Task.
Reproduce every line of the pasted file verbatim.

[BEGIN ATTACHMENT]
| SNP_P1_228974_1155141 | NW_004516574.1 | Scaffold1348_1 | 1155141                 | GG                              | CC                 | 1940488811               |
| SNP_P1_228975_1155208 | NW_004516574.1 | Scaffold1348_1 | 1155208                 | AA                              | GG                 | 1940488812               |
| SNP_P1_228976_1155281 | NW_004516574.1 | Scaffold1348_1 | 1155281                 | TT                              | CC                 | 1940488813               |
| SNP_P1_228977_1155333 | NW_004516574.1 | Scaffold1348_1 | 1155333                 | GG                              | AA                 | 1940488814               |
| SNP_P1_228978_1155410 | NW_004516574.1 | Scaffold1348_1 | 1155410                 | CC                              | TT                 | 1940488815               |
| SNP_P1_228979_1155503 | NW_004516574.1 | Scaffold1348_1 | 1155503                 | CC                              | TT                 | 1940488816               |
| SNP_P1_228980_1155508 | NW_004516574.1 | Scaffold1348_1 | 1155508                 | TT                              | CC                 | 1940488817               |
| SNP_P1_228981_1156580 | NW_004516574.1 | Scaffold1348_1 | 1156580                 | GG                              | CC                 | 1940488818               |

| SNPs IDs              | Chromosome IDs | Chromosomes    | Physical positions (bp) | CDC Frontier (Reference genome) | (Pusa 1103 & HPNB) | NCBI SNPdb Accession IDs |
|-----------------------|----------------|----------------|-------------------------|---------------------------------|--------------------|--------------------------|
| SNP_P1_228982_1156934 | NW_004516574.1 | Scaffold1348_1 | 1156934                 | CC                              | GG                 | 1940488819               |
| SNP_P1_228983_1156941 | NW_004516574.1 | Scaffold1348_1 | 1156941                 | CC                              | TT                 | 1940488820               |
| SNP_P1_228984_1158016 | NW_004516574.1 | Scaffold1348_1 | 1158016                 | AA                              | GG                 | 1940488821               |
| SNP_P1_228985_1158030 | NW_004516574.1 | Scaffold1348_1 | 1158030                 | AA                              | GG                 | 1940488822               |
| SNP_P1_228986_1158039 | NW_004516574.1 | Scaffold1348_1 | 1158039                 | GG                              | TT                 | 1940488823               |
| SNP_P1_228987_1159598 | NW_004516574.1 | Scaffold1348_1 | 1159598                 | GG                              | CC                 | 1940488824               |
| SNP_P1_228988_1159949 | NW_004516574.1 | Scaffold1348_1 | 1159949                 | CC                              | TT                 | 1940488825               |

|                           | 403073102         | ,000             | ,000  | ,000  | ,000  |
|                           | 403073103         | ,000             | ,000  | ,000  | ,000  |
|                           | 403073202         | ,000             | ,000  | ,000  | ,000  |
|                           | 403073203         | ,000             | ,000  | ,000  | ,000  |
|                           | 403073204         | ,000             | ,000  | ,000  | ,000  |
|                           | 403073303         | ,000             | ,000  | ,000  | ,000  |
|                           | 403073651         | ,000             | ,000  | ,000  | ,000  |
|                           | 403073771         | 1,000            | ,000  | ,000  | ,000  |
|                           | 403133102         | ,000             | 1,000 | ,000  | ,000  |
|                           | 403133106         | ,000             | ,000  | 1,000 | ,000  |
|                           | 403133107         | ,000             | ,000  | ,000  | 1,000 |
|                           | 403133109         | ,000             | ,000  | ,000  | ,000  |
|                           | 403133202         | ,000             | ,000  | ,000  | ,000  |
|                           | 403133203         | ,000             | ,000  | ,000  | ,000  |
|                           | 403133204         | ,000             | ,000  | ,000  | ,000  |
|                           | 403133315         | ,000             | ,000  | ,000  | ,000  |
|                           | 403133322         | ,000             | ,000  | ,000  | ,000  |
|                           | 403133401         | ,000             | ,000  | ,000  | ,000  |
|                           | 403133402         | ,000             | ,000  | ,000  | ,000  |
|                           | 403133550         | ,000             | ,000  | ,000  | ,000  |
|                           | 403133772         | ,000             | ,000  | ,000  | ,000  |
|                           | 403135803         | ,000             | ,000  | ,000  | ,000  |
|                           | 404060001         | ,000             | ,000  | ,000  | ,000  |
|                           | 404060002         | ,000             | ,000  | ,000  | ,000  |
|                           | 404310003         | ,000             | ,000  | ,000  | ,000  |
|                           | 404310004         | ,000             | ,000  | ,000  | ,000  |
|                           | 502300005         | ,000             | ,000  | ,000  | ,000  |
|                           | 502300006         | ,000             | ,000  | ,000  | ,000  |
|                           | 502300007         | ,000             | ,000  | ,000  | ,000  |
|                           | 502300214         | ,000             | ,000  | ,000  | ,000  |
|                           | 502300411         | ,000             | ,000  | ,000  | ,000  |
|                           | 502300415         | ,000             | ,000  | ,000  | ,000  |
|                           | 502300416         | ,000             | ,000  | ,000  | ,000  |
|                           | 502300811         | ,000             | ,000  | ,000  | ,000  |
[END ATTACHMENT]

| SNP_P1_228974_1155141 | NW_004516574.1 | Scaffold1348_1 | 1155141                 | GG                              | CC                 | 1940488811               |
| SNP_P1_228975_1155208 | NW_004516574.1 | Scaffold1348_1 | 1155208                 | AA                              | GG                 | 1940488812               |
| SNP_P1_228976_1155281 | NW_004516574.1 | Scaffold1348_1 | 1155281                 | TT                              | CC                 | 1940488813               |
| SNP_P1_228977_1155333 | NW_004516574.1 | Scaffold1348_1 | 1155333                 | GG                              | AA                 | 1940488814               |
| SNP_P1_228978_1155410 | NW_004516574.1 | Scaffold1348_1 | 1155410                 | CC                              | TT                 | 1940488815               |
| SNP_P1_228979_1155503 | NW_004516574.1 | Scaffold1348_1 | 1155503                 | CC                              | TT                 | 1940488816               |
| SNP_P1_228980_1155508 | NW_004516574.1 | Scaffold1348_1 | 1155508                 | TT                              | CC                 | 1940488817               |
| SNP_P1_228981_1156580 | NW_004516574.1 | Scaffold1348_1 | 1156580                 | GG                              | CC                 | 1940488818               |

| SNPs IDs              | Chromosome IDs | Chromosomes    | Physical positions (bp) | CDC Frontier (Reference genome) | (Pusa 1103 & HPNB) | NCBI SNPdb Accession IDs |
|-----------------------|----------------|----------------|-------------------------|---------------------------------|--------------------|--------------------------|
| SNP_P1_228982_1156934 | NW_004516574.1 | Scaffold1348_1 | 1156934                 | CC                              | GG                 | 1940488819               |
| SNP_P1_228983_1156941 | NW_004516574.1 | Scaffold1348_1 | 1156941                 | CC                              | TT                 | 1940488820               |
| SNP_P1_228984_1158016 | NW_004516574.1 | Scaffold1348_1 | 1158016                 | AA                              | GG                 | 1940488821               |
| SNP_P1_228985_1158030 | NW_004516574.1 | Scaffold1348_1 | 1158030                 | AA                              | GG                 | 1940488822               |
| SNP_P1_228986_1158039 | NW_004516574.1 | Scaffold1348_1 | 1158039                 | GG                              | TT                 | 1940488823               |
| SNP_P1_228987_1159598 | NW_004516574.1 | Scaffold1348_1 | 1159598                 | GG                              | CC                 | 1940488824               |
| SNP_P1_228988_1159949 | NW_004516574.1 | Scaffold1348_1 | 1159949                 | CC                              | TT                 | 1940488825               |

|                           | 403073102         | ,000             | ,000  | ,000  | ,000  |
|                           | 403073103         | ,000             | ,000  | ,000  | ,000  |
|                           | 403073202         | ,000             | ,000  | ,000  | ,000  |
|                           | 403073203         | ,000             | ,000  | ,000  | ,000  |
|                           | 403073204         | ,000             | ,000  | ,000  | ,000  |
|                           | 403073303         | ,000             | ,000  | ,000  | ,000  |
|                           | 403073651         | ,000             | ,000  | ,000  | ,000  |
|                           | 403073771         | 1,000            | ,000  | ,000  | ,000  |
|                           | 403133102         | ,000             | 1,000 | ,000  | ,000  |
|                           | 403133106         | ,000             | ,000  | 1,000 | ,000  |
|                           | 403133107         | ,000             | ,000  | ,000  | 1,000 |
|                           | 403133109         | ,000             | ,000  | ,000  | ,000  |
|                           | 403133202         | ,000             | ,000  | ,000  | ,000  |
|                           | 403133203         | ,000             | ,000  | ,000  | ,000  |
|                           | 403133204         | ,000             | ,000  | ,000  | ,000  |
|                           | 403133315         | ,000             | ,000  | ,000  | ,000  |
|                           | 403133322         | ,000             | ,000  | ,000  | ,000  |
|                           | 403133401         | ,000             | ,000  | ,000  | ,000  |
|                           | 403133402         | ,000             | ,000  | ,000  | ,000  |
|                           | 403133550         | ,000             | ,000  | ,000  | ,000  |
|                           | 403133772         | ,000             | ,000  | ,000  | ,000  |
|                           | 403135803         | ,000             | ,000  | ,000  | ,000  |
|                           | 404060001         | ,000             | ,000  | ,000  | ,000  |
|                           | 404060002         | ,000             | ,000  | ,000  | ,000  |
|                           | 404310003         | ,000             | ,000  | ,000  | ,000  |
|                           | 404310004         | ,000             | ,000  | ,000  | ,000  |
|                           | 502300005         | ,000             | ,000  | ,000  | ,000  |
|                           | 502300006         | ,000             | ,000  | ,000  | ,000  |
|                           | 502300007         | ,000             | ,000  | ,000  | ,000  |
|                           | 502300214         | ,000             | ,000  | ,000  | ,000  |
|                           | 502300411         | ,000             | ,000  | ,000  | ,000  |
|                           | 502300415         | ,000             | ,000  | ,000  | ,000  |
|                           | 502300416         | ,000             | ,000  | ,000  | ,000  |
|                           | 502300811         | ,000             | ,000  | ,000  | ,000  |